New look, new irregularity
It has been a long time, I know. I have been reading, working, walking in the woods, and even sometimes playing that game of finding a deadline to make things happen. I wrote an essay for The Book Collector, and have a couple other things on slow simmer. One of the procrastination devices was to embark on a relaunch of the Endless Bookshelf website, thanks to the efforts of Michael J. Deluca (publisher of Reckoning, author of Night Roll, etc.), and look! It worked. It is now much easier to produce updates.
Your correspondent pledges to update the ’shelf with greater frequency if still on an irregular basis. The archives (2007-2021) will likely remain in static form, but I will certainly draw from or link to them. The newsletter will appear monthly at its most frequent, more realistically quarterly. Please remember that the mailing list is not automated or shared; if you no longer wish to receive mailings from the Endless Bookshelf or Temporary Culture, simply tell me.
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a policy statement
Back in the fall of 2016, when I produced the burning marshmallow, Donald Trump The Magazine of Poetry, it became clear to me that I did not want to use any third-party crowd-funding platform. This is contrarian but I still feel the same way.
Similarly, right at the founding of the ’shelf, I made an arbitrary but necessary decision that I will link to author and small press and individual websites, but not to big corporate sales sites. This is the presumption that anyone reading can choose how to obtain current commercially published books. I tend to buy new books through my local.
The micropublishing activities of Temporary Culture — the books published and sold by Temporary Culture — make possible the Endless Bookshelf website (and the Avram Davidson website). The Private Life of Books or A Conversation larger than the Universe are a good place to start.
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As a longtime fan of The Secret Service (1992), I am delighted to report that a new edition of Wendy Walker’s novel will be published by Tough Poets Press. I will report as further information becomes available.
The Best of R. A. Lafferty, edited by Jonathan Strahan, (published by Gollancz in 2019) is now available as a Tor Essentials paperback, and well worth looking for.
The Book Collector 70:1 for Spring 2021 prints The Private Life of Books II, How books are made, and a short notice of the new edition. The other poem in the issue (also by a New Jersey poet) accorded a full page is a reproduction of a manuscript fair copy of “This is Just to Say”, inscribed by William Carlos Williams to a small press publisher.
The Booksellers, the documentary about the New York antiquarian book trade directed by D.W. Young, which had its theatrical release just as the pandemic was beginning, has now been released for viewing in many countries. Your correspondent has a speaking role, and there is a walk in the woods; a reading of the title pome of The Private Life of Books can be heard as the closing voiceover. Information at: https://booksellersdocumentary.com.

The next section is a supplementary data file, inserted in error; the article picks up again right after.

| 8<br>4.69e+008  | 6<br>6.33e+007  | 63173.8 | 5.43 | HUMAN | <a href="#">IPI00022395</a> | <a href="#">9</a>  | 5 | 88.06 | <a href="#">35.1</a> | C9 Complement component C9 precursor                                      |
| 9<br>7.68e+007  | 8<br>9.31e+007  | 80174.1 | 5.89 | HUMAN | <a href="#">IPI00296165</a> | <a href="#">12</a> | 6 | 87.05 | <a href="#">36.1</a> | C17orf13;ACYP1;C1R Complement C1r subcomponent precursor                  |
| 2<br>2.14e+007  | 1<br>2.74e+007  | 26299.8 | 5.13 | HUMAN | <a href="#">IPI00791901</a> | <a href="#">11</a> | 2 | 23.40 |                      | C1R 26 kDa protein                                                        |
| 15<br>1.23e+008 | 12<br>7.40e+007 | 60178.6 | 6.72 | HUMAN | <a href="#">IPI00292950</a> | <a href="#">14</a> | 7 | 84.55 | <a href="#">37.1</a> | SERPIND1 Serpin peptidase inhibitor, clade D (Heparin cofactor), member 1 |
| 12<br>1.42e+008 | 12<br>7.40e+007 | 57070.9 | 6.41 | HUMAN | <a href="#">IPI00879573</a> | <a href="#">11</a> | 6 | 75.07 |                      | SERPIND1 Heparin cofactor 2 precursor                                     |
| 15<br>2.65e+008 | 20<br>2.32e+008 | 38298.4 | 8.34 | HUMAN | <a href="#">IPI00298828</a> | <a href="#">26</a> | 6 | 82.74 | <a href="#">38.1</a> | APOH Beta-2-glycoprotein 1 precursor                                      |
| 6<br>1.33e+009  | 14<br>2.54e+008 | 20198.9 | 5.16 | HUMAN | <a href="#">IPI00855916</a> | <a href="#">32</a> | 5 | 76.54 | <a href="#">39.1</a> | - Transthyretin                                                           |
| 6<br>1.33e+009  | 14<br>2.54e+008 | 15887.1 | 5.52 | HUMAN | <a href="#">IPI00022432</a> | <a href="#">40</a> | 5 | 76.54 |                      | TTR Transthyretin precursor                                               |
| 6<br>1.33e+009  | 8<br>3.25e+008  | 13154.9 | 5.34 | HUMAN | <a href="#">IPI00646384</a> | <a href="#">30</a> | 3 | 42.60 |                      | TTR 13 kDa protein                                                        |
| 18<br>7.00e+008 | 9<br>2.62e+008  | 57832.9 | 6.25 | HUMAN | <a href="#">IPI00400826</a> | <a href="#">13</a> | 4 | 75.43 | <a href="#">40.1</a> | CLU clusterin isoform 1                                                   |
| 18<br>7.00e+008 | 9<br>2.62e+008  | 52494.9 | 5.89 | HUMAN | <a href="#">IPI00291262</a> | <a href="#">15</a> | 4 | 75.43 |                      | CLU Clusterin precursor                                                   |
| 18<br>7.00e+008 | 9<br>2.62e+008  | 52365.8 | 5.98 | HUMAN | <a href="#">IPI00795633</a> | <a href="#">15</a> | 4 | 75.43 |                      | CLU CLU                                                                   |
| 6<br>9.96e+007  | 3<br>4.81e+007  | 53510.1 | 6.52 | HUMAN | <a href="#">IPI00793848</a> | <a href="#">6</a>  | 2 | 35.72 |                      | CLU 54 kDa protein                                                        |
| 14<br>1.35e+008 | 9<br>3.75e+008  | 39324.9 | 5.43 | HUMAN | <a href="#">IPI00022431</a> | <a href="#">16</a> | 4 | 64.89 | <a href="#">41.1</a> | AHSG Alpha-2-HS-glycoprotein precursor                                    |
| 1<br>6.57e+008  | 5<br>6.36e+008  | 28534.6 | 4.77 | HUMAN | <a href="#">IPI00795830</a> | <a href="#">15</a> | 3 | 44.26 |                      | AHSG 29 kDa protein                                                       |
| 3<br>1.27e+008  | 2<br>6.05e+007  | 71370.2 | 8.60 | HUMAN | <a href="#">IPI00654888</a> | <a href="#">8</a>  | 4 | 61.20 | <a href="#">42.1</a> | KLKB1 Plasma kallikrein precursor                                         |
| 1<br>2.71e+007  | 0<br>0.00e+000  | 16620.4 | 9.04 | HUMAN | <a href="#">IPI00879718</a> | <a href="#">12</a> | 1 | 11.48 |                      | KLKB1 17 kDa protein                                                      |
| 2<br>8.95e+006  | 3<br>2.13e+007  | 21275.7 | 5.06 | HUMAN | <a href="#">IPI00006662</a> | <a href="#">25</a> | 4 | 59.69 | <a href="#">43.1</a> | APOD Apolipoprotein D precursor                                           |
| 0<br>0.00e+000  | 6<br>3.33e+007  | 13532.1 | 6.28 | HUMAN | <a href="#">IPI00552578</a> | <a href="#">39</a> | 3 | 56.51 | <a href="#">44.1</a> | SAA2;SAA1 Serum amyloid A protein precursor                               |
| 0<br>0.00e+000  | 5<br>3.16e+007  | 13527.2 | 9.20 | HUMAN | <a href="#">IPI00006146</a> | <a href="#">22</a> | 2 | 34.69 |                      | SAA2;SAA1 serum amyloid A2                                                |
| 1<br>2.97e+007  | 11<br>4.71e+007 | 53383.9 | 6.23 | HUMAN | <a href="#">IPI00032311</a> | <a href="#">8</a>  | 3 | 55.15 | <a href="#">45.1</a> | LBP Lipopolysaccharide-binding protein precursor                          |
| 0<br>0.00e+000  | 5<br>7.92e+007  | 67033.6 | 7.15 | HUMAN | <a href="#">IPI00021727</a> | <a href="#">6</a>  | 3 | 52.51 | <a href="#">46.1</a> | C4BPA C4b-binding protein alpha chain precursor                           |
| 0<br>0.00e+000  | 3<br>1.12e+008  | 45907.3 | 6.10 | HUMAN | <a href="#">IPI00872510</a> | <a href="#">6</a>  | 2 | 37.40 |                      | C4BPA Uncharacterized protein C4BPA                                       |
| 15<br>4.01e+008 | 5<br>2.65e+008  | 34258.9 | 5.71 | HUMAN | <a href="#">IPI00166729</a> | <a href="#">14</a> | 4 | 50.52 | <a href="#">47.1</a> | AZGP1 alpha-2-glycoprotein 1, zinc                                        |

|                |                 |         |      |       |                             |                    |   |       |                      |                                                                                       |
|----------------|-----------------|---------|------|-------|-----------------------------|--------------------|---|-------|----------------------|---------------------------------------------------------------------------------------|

I had been thinking about Charles F. Heartman many times during the past several weeks when I was using some of his books on my reference shelves: his books on The New England Primer and on Non-New England Primers are still essential works. He was one of the first to attempt a systematic bibliography of Phillis Wheatley (1915); it has been superseded but the facsimile plates are of great interest (for more on Wheatley: Why one looks at every book in the box, 2011). I wrote briefly of Heartman in the first weeks of the Endless Bookshelf, and the Buchnarr device in the title banner above, a woodcut from the German edition of The Ship of Fools (1494), was reproduced in The Book-fool. Bibliophily in caricature (1934), a supplement to The American Book Collector magazine edited by Heartman.
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a walk in the woods
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in the FT for 8 April, an article by Tom Robbins about the Chatley Heath octagonal semaphore tower, the only surviving example (before the Landmark Trust renovation, it might have provoked a Mark Valentine story):
Wandering among the chestnuts, oaks and Scots pines on Chatley Heath in Surrey, you arrive without warning at a place where the branches part and you find yourself looking up at a slender octagonal tower.The Chatley Heath tower was completed in 1822 and by 1824, the entire line was up and running. Each station had a roof-mounted mast with two moving arms, the positions of which indicated letters, numbers and a few frequently used words. In clear weather, a message could be transmitted from London to Portsmouth in as little as 15 minutes, rather than the eight hours it might take on horseback.Many of the stations were simply one- or two-storey houses with a mast on the flat roof, but at Chatley Heath the surrounding topography required a five-storey tower with a 40ft-mast on top. The system worked so effectively that the Admiralty commissioned a second line, branching off at Chatley Heath and continuing west to the naval base at Plymouth.
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